by Juliet Kaska
Workout burnout is a common problem for the avid exerciser. Effects can be as simple as lethargy or not seeing results and as serious as severe injury and organ failure.
In other words, we should not take burnout lightly—and we should take the warning signs seriously. So, let’s chat.
What is workout burnout?
All physical activity can lead to burnout. Burnouts can appear in different forms: physical or emotional, routine/fitness plateau, and adrenal gland fatigue.
Some of the more high-intensity methods that are popular in the fitness arena today—such as HIIT, SoulCycle, and CrossFit—tend to lead to burnout because of the intensity level and because many consumers make it their only outlet.
These styles do have many wonderful benefits, but when done daily—or most days of the week—burnout can occur with risk of injury, adrenal fatigue, or a more serious condition called rhabdomyolysis.
How do I know whether I’m suffering from workout burnout?
Because our minds and bodies process stress differently, there isn’t an easy answer.
So start by asking yourself these questions:
- Do I train too much?
- Do I train hard every time I exercise?
- Have I been more moody or irritable than usual?
- Have I been injured, or remained injured, for the last few months (three or more)?
- Have I been working out hard but not getting the results I would expect for the effort I have put in?
- Have I been feeling less hungry lately?
- Do I often I have an excessively dry mouth?
- Have I been feeling less confident?
- Have I been unusually tired lately?
- Am I as excited about my workout as I once was?
If you want to get more serious about it, there are also medical tests you can ask your doctor to conduct. For example, take a blood for creatine kinase (to detect muscle inflammation), potassium levels, and kidney and liver function. You can also take your own resting heart rate first thing in the morning, before getting out of bed, to see if it is elevated.
Yeah, I’m suffering from workout burnout. What are the consequences?
To understand the consequences of workout burnout, think of someone with career-related burnout. What comes to mind when you think of them? They’re probably lethargic and sad. They go to work every day, but they’re no longer growing or improving in their position. They may even be depressed.
Workout burnout has similar consequences. You may become tired and/or uninterested in working out, which causes you to fall off your plan. You may keep training at this level or style, and your body plateaus.
Therefore, it stops producing significant results. Training at a high intensity without breaks could lead to various levels of injuries and take an extra-long time to heal. Worse yet, kidney failure and cardiac arrest are extreme effects of burnout.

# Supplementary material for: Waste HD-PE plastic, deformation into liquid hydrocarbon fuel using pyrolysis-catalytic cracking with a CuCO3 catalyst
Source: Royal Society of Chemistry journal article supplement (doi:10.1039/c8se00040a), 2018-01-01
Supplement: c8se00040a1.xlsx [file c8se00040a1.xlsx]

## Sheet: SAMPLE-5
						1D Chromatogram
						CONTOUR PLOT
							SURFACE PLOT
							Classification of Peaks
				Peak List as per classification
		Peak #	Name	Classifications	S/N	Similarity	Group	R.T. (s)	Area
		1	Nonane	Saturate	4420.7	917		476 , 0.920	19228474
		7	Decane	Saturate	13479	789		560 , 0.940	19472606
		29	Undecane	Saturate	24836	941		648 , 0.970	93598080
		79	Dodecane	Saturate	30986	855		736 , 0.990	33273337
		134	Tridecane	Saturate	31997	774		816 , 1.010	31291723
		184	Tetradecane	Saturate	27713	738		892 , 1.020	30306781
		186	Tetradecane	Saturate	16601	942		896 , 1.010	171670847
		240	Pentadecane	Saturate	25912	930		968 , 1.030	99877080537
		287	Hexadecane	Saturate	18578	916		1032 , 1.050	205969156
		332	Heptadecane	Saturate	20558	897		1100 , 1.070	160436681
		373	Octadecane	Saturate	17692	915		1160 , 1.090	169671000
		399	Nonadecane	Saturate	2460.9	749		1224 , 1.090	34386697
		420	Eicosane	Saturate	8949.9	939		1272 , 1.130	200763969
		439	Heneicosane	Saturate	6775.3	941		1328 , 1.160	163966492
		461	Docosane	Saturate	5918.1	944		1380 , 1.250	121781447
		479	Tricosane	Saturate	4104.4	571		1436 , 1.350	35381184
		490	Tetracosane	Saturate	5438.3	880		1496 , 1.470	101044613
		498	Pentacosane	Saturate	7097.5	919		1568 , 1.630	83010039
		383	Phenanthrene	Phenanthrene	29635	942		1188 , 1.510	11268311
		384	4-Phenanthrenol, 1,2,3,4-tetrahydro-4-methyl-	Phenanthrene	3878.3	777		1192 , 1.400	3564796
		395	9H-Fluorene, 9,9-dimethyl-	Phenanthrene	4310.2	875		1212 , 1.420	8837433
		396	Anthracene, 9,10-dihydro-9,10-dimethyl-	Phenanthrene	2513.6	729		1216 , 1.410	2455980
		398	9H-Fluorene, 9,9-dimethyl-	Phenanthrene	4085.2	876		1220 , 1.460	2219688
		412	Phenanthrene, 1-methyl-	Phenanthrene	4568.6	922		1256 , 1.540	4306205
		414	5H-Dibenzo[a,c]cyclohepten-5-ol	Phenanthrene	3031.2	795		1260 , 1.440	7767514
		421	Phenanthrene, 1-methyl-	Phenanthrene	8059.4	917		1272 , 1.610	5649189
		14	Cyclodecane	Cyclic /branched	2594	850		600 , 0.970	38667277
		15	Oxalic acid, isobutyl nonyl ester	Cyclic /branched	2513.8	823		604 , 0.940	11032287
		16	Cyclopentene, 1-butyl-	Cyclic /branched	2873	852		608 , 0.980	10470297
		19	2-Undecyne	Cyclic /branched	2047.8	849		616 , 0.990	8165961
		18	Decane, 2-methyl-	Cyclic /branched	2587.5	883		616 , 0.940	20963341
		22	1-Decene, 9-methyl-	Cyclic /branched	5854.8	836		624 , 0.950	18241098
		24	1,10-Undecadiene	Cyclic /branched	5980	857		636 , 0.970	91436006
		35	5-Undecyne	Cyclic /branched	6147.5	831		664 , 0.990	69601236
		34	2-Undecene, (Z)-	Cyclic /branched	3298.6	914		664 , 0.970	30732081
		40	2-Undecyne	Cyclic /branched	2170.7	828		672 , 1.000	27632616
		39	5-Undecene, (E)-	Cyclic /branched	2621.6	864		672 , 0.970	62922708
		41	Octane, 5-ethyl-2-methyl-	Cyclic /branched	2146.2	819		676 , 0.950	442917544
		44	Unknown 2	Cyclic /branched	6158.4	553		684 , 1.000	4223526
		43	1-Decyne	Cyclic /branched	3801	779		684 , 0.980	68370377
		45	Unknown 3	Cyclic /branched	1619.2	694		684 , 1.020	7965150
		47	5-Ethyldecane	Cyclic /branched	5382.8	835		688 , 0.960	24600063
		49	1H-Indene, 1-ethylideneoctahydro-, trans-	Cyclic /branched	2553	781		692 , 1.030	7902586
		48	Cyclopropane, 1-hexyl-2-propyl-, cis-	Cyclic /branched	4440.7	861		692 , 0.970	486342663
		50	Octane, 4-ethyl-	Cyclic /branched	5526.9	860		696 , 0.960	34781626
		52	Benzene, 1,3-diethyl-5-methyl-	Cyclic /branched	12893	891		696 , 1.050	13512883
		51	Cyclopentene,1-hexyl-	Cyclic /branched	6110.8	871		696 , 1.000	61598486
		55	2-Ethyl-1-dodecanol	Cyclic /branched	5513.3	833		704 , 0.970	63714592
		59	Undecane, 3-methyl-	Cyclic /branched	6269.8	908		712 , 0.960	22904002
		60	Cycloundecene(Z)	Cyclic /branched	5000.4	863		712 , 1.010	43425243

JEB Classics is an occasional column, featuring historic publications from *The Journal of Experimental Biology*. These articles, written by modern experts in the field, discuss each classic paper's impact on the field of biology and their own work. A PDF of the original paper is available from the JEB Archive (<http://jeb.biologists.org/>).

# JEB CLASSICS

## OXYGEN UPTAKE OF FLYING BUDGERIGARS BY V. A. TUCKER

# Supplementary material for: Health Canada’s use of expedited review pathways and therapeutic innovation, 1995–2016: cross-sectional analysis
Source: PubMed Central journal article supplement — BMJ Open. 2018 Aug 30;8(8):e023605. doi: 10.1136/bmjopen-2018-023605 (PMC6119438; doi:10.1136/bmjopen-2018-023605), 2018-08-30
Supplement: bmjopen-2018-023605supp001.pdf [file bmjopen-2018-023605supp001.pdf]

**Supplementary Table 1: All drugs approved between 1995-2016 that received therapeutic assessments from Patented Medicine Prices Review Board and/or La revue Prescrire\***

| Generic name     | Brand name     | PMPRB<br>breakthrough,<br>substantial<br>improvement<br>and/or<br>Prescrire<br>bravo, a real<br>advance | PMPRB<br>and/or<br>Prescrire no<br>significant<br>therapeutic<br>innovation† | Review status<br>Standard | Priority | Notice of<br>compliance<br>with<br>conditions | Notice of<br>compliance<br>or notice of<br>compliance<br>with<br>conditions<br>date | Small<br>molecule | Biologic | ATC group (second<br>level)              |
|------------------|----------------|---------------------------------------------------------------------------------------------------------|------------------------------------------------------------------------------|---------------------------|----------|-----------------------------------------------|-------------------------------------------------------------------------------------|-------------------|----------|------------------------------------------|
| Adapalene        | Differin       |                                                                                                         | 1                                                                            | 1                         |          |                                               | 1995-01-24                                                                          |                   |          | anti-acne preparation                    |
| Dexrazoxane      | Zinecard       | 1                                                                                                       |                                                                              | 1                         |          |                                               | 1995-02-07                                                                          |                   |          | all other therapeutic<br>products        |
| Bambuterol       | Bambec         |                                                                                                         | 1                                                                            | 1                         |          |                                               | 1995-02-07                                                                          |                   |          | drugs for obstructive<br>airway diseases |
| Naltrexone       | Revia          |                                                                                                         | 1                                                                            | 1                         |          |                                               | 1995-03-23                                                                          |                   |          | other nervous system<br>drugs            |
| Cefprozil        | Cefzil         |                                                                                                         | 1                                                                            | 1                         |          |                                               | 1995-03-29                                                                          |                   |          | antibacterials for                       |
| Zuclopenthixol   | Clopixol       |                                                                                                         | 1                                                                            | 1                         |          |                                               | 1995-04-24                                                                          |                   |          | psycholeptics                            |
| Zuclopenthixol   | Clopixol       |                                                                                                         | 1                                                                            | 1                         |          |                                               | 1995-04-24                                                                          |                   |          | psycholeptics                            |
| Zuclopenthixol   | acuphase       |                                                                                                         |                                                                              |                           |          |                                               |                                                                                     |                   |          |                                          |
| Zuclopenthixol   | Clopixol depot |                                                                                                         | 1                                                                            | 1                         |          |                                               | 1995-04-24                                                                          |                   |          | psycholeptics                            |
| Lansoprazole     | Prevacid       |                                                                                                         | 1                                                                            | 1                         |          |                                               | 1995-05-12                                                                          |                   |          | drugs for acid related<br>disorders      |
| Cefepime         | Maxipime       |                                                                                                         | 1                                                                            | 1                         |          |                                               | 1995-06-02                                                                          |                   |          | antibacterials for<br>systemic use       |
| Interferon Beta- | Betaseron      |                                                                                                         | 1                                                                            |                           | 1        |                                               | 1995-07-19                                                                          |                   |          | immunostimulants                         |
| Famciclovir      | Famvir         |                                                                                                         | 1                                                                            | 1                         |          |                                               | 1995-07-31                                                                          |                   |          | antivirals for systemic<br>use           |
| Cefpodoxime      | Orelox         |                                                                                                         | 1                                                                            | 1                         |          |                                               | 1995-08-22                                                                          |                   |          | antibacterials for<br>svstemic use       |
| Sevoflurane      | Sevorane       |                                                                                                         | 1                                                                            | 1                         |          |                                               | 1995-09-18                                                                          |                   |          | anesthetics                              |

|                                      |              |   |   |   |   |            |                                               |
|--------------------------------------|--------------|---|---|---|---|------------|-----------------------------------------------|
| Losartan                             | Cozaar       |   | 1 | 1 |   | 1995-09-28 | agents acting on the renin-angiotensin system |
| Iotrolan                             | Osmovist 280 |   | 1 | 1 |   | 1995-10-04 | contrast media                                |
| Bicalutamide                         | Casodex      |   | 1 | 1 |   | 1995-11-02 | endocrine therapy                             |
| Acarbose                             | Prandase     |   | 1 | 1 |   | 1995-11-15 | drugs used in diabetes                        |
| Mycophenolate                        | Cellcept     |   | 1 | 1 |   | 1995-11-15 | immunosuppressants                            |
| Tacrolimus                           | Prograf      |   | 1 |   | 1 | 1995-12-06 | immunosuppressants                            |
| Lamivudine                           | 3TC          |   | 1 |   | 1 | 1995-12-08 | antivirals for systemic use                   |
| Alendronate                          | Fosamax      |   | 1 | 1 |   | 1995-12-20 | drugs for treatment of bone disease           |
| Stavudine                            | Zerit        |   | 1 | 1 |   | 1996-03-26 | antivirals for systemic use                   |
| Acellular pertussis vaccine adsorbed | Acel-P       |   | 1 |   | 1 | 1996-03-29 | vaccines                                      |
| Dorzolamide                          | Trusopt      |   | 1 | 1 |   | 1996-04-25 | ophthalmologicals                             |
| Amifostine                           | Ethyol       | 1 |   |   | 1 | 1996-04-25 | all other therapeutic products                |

So, what should I do? And how can I avoid future burnout?
As a trainer for over a decade, it has been my job to keep my clients fit and healthy to help them avoid the burnout pitfall. This is not an easy task, especially when one finds oneself addicted to the high of working out.
When it comes to recovering from burnout and preventing it in the future, the first step is to take an active recovery day. In order to help muscles heal, I like to encourage light activities that encourage blood flow in sore areas.
I recently teamed up with integrative medicine practitioner Dr. Jim Nicolai to launch the ZenFitness30 Method, a 30-minute invigorating workout created to energize, and engage, the mind, body, and spirit through a series of movements derived from yoga, Pilates, and active meditation techniques.
This program complements any existing fitness routine and serves as an accessible starting point for those interested in developing a more active, healthy lifestyle. The beauty of the practice is that it can be done anywhere—on a busy street, on your way to work, even in a crowded mall. You don’t need tools, just a few tips and tricks the method provides.
Next, make sure to mix it up. The body plateaus at between 6 and 12 weeks, which is why I advise clients to change up their routine every three months. If you have a die-hard workout you love, I’m not saying you should give that up! Just change up your cross-training modality. Add in yoga, hiking, or a martial arts class two or three days a week. This will shock your system and you will continue to see physical improvements in your body/
Last but not least, please rest. Try to take off one or two days per week, and take a full week off once to twice a year, especially if you have that one workout you absolutely love, such as running. You will come back so much stronger. I see it again and again: A client goes on vacation, they don’t work out for a week, and they return to me strong, clear-eyed, and rejuvenated.